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Riding to Rhythm

August 4, 2017

                                                                                                                                   For my first blog article I thought I would share with you an article that I wrote for PATH's Stride Magazine that was published in 2007......I hope you enjoy it. 

 

 

 

                                            Riding to Rhythm                                                                              Music Helps Students Relax, Learn & Relate

                                                     By Pat Walters

 

Annie wrings her hands as if this is her first ride. Actually, Annie and her horse Pebbles have been partners for two years.

 

After a warm-up walk, Annie lets me place a small rubber ball in her hands. She turns the ball over and over, taking in its texture and pattern and plays “hand it back and forth” between the side-walkers. After a few minutes, Annie goes into her own world, staring into the sunlight. I offer her a small fuzzy toy, but get no response.

 

“Time for music in rhythm,” I tell the side-walkers. Everyone is quiet at first letting Annie absorb the hip movement of her horse. Then I softly hum in the exact timing of Pebbles hind hooves as they strike the ground. The movement and sound connects and awaken something in Annie. She looks at me and offers a half smile. Annie is back.

Matching the movement of the horse with sound has not only helped students on the autism spectrum, like Annie, but also students who are angry or upset. Having them ride at a walk, feeling the horse while listening to a beat or someone’s hum enhances the connection with their bodies and minds. In Annie’s case, she was able to re-focus her attention and interact with others.

 

Rhythm Relaxes

I’ve found that creating this ‘audible rhythm’ relaxes students as they become more attune to their movement and body rhythm. This improves their coordination, balance, motor control and timing as they follow the horse’s motion. Dave is a good example.

After a motorcycle accident that left nerve damage in his legs, Dave is determined to ride again.

Mounted on a pad and surcingle, he is working on relaxing his legs and then dropping them around his horse. Sometimes this is easy, sometimes it’s a challenge. Today is a challenge.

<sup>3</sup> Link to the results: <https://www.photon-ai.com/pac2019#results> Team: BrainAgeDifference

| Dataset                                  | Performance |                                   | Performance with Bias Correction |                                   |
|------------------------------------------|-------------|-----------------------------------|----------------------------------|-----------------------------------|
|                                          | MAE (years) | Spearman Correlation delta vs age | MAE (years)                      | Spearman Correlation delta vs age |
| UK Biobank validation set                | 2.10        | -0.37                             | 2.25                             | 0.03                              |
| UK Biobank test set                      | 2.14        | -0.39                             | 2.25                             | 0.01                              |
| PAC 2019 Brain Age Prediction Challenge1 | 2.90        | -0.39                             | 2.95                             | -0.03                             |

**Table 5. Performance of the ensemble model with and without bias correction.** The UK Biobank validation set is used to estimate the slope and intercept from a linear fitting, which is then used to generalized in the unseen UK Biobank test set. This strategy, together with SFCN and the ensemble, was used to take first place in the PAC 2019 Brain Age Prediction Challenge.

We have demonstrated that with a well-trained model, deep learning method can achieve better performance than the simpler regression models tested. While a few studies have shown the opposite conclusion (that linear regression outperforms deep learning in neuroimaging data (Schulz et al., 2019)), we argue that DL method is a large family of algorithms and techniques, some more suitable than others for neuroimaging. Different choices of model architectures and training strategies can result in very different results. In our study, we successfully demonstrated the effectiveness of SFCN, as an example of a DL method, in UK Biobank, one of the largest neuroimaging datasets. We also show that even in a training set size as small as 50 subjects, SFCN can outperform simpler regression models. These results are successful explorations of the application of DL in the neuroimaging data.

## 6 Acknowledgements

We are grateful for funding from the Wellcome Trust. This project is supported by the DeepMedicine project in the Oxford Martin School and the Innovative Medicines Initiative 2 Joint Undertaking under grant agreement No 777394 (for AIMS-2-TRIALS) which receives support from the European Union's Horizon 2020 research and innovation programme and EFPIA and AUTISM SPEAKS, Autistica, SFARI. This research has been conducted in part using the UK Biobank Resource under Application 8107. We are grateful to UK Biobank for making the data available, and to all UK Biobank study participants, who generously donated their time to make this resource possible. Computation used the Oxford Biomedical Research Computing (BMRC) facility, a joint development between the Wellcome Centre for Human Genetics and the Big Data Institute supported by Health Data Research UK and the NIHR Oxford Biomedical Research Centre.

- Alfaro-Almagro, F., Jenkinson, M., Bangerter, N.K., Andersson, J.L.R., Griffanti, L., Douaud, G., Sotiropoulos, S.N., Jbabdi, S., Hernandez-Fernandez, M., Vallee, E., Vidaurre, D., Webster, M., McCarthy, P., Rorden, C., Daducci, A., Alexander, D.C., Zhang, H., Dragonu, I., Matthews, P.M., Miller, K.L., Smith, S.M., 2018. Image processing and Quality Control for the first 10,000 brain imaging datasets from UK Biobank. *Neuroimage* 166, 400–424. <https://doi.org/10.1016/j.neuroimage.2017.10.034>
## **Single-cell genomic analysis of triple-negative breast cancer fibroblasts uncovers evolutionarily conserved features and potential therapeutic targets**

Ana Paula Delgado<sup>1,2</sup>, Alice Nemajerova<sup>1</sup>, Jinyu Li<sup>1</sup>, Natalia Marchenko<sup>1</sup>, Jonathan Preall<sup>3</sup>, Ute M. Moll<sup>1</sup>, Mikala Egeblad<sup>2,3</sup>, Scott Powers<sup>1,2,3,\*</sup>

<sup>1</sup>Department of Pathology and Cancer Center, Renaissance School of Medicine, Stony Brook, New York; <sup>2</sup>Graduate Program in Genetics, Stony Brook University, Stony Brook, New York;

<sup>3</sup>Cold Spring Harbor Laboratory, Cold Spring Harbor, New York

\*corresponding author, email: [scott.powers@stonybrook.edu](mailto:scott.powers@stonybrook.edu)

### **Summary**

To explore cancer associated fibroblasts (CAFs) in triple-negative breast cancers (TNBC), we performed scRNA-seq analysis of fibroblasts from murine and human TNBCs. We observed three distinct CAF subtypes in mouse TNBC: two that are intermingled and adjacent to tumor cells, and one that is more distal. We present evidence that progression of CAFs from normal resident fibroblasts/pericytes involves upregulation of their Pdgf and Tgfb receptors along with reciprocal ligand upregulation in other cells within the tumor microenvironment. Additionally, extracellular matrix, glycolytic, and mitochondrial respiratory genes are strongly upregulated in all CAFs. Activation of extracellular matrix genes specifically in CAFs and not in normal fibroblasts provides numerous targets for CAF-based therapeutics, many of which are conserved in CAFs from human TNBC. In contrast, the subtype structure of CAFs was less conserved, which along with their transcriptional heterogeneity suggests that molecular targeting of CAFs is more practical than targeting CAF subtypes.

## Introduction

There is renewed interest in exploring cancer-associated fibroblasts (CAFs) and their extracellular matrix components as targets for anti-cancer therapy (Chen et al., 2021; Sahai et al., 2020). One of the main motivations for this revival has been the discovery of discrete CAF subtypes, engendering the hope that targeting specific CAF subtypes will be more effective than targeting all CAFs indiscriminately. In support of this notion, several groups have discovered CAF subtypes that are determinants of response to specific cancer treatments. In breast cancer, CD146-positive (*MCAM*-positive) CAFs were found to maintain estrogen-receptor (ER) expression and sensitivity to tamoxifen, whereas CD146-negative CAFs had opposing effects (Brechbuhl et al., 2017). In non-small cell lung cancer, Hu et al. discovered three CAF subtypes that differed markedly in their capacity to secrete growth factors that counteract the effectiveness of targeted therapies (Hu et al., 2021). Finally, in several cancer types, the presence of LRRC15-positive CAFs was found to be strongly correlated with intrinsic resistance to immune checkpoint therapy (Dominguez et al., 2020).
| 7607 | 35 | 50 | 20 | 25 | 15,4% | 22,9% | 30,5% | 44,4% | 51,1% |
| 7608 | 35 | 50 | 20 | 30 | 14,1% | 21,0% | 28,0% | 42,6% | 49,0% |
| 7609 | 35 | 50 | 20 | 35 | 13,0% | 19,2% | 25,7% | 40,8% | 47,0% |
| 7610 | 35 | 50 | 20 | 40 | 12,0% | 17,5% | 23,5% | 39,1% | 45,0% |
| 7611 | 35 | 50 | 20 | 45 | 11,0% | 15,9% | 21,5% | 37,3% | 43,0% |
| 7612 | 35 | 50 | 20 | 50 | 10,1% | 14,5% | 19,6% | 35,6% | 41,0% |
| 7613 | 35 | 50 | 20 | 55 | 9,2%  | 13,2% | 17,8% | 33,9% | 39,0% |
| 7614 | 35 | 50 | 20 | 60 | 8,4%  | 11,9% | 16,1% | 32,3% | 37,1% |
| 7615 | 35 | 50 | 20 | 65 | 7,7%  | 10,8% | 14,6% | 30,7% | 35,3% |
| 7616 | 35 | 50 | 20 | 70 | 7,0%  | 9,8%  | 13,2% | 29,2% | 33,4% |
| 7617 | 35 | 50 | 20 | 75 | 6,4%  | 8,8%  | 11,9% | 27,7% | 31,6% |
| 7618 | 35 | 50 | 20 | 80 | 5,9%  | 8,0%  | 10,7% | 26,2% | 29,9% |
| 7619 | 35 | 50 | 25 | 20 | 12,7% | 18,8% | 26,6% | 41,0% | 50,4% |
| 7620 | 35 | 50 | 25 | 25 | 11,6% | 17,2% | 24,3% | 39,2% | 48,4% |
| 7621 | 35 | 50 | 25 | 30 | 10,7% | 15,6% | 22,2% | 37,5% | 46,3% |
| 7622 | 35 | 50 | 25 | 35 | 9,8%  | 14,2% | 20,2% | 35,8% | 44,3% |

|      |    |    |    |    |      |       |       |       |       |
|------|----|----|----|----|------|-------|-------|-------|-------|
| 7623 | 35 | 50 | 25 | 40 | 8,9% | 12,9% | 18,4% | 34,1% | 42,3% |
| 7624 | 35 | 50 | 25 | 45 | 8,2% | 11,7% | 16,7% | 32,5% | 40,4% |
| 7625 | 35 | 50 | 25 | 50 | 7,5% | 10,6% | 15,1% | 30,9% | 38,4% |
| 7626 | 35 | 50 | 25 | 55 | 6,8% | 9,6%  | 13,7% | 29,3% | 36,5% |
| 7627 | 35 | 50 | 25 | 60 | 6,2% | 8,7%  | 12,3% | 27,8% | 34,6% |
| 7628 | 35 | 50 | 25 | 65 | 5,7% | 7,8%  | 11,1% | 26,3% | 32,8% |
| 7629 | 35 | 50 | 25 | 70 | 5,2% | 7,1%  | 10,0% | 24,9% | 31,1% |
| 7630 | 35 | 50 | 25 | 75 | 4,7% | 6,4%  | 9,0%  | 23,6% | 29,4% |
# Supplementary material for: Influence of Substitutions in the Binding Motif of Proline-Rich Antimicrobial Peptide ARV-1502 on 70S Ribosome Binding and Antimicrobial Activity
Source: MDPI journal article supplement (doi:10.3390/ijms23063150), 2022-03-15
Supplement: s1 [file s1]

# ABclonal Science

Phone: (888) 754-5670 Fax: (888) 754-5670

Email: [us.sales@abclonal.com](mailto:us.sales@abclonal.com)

“Close your eyes Dave, and just feel the movement of your horse’s hips gently lifting and lowering your hips. Feel the sway of the horse’s belly,” I encourage him.

Dave’s legs fight against our wishes. I have an assistant put on a slow samba that follows the horse’s pace. Slowly, Dave’s legs relax. Slowly they drop and follow the horse’s belly sway. Dave smiles as he relaxes and hums along. We all smile.

As Dave’s example illustrates, music is beneficial in calming a rider’s breathing and reducing muscle tension so he or she can follow the horse’s movement better. This is different than playing music for fun. When used purposely, music can be an integral part of an instructor’s tool box.

 

Different Beats

Often you can vary the mood of a lesson and/or rider by the type of tempo you select, using it to relax a hyperactive student or encourage an apathetic student. For instance, upbeat tunes can invigorate a rider. Soft rock or easy listening tunes encourage relaxation. Brisk marches are invigorating, while a waltz is calming. Music that blends keyboard and guitar can be most effective, combining a faster, uplifting cadence with a calmer, softer melody.

Horses, also, respond to various tempos. I’ve seen horses stride to the music’s beat, literally dancing to the rhythm. This in turn, fosters coordination and balance as riders match the horse’s motion.

Music can accelerate learning by improving concentration and stimulating imagination.

Songs can amplify the effect of music on learning. Encouraging riders to sing facilitates language development, memory and sequencing during games. Remember how we all learned the ABCs by learning the ABC song! For younger riders or shy students, singing is not only fun but lends an important sense of familiarity to the lesson. Songs that have a solid four-beat are wonderful to use for walking games.

 

Sounds & Socializing

Music is also an effective way to improve communication, motivate riders and promote empowerment and team building. I love to watch how it socially transforms my students.

Classes tend to begin quietly with a few “HI’s” or smiles. I will use a soft rhythm for warm-ups. After a short balance exercise, I introduce games and team activities accompanied by a fun tune to get everyone singing.

Once they connect to the movement and rhythm, they start to laugh and talk to each other. I let them pick the CD and decide what rhythm goes best with each exercise. At the end, they make a circle, facing in, so they can see each other while doing movements to a soft slow-down tune. This unites them. They make eye contact and smile and give each a thumbs-up sign. They have gone from being a class to being a team.

 

Magical Connection

It’s not surprising that music has such a profound effect on our physical, emotional and mental development. After all, we are rhythm beings. Rhythm and melody are a part of our lives from the beginning. The first sounds we hear are in the womb. The slow melody of our mother’s heart beat is intertwined with the faster melody of our infant heartbeat, as we are gently rocked by the rhythm of her breathing. It’s the rhythm of life.

By helping riders merge their natural inner rhythm with that of their horses’, they can rediscover the magical connection that helps them tune in and connect with their horse, their bodies and their minds.

 

 

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